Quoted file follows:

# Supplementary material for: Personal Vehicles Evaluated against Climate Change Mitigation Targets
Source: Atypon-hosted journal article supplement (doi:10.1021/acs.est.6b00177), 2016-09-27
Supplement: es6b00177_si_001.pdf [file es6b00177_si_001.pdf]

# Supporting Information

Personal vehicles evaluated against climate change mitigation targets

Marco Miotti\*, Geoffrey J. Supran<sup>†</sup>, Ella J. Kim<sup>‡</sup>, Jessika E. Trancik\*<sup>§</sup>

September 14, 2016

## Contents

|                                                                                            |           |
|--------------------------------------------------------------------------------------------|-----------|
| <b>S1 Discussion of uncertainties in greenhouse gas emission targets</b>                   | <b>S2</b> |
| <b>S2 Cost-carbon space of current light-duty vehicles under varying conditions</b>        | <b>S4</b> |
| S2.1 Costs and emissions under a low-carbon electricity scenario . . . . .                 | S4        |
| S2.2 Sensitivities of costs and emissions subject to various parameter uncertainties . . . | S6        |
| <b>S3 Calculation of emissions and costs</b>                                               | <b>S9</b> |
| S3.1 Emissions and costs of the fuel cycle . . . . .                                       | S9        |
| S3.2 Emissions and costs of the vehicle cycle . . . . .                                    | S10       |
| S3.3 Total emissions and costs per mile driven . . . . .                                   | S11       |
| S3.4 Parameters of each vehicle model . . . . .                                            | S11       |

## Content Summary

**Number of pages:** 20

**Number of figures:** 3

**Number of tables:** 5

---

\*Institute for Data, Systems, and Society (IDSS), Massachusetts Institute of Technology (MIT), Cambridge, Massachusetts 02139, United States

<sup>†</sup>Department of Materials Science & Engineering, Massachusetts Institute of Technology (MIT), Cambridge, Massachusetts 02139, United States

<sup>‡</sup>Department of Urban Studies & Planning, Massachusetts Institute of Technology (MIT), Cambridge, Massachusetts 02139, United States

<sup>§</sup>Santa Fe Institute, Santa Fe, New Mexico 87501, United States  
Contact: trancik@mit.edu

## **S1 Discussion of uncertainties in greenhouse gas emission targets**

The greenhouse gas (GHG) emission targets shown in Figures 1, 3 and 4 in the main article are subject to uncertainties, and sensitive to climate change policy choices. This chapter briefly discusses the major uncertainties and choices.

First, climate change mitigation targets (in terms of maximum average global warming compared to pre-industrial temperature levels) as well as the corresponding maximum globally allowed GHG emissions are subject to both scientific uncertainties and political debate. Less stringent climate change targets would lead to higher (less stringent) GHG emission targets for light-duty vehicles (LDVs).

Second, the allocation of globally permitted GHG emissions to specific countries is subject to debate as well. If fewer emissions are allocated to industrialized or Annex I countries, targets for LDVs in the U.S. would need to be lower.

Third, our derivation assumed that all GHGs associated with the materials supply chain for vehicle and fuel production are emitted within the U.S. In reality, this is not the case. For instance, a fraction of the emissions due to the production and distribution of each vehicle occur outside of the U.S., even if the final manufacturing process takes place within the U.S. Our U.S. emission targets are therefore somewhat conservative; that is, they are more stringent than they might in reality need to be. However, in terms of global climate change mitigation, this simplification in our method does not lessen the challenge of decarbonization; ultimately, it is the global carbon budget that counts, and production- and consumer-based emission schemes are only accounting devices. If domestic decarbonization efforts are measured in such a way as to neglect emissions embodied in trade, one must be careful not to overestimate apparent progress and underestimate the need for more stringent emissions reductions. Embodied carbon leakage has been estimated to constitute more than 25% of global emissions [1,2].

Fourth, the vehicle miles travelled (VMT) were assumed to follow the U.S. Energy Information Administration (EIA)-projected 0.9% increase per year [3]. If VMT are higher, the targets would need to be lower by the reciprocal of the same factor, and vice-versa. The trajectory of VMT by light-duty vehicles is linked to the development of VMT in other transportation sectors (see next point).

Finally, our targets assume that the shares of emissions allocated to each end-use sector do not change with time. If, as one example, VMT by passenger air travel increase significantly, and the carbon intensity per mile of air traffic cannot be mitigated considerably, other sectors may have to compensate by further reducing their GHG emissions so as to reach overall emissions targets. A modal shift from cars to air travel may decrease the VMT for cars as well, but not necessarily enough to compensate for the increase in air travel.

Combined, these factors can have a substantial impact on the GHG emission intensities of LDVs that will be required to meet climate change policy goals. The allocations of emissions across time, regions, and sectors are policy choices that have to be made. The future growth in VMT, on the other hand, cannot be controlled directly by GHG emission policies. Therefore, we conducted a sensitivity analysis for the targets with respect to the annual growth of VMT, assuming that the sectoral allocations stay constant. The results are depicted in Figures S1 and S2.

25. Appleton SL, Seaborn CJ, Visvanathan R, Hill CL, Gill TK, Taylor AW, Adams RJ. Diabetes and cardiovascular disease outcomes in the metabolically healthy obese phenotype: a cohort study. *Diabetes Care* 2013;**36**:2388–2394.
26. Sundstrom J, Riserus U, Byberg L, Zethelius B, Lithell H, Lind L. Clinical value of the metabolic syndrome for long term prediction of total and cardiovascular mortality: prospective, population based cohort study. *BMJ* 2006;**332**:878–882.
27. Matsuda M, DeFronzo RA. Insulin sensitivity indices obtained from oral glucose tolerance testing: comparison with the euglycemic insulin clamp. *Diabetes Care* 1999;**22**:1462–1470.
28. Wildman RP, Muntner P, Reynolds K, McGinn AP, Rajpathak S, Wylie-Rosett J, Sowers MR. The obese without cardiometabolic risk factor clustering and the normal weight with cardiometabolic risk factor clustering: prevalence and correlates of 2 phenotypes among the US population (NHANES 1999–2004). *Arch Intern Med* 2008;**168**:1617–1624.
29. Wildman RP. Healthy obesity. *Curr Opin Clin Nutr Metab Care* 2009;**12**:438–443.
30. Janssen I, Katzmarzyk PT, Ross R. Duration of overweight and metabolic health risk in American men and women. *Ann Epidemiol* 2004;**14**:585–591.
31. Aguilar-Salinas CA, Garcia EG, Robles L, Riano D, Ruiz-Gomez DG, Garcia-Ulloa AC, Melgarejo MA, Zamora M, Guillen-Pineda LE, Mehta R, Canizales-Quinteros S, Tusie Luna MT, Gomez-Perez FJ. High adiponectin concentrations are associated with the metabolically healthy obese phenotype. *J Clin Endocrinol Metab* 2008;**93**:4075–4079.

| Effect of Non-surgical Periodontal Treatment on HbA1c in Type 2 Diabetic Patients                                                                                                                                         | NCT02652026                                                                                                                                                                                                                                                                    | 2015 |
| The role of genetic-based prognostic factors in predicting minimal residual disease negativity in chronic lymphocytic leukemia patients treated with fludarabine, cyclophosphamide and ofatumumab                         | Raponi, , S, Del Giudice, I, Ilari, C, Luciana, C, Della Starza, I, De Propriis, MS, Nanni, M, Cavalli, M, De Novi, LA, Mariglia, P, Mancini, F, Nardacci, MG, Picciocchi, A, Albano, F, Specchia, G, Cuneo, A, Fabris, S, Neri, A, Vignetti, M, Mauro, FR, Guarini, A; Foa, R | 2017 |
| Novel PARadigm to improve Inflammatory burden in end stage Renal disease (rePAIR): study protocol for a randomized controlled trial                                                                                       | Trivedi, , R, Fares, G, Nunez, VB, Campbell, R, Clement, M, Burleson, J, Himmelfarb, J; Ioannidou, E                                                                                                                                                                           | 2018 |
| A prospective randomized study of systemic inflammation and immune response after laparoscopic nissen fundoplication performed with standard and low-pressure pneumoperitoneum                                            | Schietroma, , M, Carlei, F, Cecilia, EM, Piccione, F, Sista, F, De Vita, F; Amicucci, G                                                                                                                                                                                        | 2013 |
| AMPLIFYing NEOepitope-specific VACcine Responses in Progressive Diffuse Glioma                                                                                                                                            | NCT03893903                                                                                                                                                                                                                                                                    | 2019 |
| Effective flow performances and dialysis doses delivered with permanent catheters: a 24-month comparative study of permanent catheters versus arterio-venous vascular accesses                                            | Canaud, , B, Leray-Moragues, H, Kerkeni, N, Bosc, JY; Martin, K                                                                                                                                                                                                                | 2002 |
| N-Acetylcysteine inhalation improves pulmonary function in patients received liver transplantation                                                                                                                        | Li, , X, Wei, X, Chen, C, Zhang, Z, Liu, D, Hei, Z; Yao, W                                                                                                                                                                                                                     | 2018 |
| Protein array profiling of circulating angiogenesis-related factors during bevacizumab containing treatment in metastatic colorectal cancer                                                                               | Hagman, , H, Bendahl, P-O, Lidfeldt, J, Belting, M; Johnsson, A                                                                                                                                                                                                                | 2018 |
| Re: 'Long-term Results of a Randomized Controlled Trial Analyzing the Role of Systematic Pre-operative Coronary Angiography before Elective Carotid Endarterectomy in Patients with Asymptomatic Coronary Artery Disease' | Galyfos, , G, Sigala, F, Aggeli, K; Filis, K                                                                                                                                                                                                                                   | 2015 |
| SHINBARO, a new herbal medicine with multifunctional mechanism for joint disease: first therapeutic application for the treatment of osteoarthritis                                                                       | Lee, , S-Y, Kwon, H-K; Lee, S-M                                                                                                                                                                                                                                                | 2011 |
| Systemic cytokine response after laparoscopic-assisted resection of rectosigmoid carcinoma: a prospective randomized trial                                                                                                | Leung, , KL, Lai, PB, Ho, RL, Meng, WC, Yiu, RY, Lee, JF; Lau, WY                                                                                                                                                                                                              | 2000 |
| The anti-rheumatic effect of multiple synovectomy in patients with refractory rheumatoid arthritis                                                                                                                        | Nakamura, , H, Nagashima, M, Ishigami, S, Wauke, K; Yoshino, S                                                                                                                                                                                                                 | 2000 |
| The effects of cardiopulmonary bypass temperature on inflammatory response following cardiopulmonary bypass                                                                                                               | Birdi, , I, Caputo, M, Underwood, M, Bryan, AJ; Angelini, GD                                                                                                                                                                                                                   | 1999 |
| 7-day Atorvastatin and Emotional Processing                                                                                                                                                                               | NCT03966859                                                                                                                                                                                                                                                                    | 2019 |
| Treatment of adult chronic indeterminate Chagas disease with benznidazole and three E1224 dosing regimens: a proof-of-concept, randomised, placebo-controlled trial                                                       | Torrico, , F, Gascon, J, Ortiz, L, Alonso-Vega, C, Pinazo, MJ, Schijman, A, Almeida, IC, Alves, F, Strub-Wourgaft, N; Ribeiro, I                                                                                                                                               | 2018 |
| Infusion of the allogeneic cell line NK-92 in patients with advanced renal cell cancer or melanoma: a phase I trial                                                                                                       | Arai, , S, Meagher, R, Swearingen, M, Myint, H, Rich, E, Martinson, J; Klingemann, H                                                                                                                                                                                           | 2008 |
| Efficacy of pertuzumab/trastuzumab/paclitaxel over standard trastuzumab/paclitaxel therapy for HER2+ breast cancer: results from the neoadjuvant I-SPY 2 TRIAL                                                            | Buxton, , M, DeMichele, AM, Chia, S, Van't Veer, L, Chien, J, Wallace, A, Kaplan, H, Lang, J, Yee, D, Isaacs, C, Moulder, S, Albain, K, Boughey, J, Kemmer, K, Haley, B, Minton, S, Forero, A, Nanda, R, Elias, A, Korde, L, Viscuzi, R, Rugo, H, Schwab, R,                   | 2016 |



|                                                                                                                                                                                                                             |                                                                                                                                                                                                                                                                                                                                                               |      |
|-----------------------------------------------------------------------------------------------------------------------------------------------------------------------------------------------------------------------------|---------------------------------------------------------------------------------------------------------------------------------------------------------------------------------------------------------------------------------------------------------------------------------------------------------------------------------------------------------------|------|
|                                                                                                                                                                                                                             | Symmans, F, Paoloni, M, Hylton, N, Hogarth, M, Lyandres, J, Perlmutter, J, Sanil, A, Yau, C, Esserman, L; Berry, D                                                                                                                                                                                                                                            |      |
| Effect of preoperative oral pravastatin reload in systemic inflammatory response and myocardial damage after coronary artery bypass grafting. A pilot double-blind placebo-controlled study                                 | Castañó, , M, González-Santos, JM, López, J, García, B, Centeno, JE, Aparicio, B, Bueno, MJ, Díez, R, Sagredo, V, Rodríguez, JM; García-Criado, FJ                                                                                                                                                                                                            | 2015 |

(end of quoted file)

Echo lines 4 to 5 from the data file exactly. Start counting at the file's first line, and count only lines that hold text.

# Supporting Information

Personal vehicles evaluated against climate change mitigation targets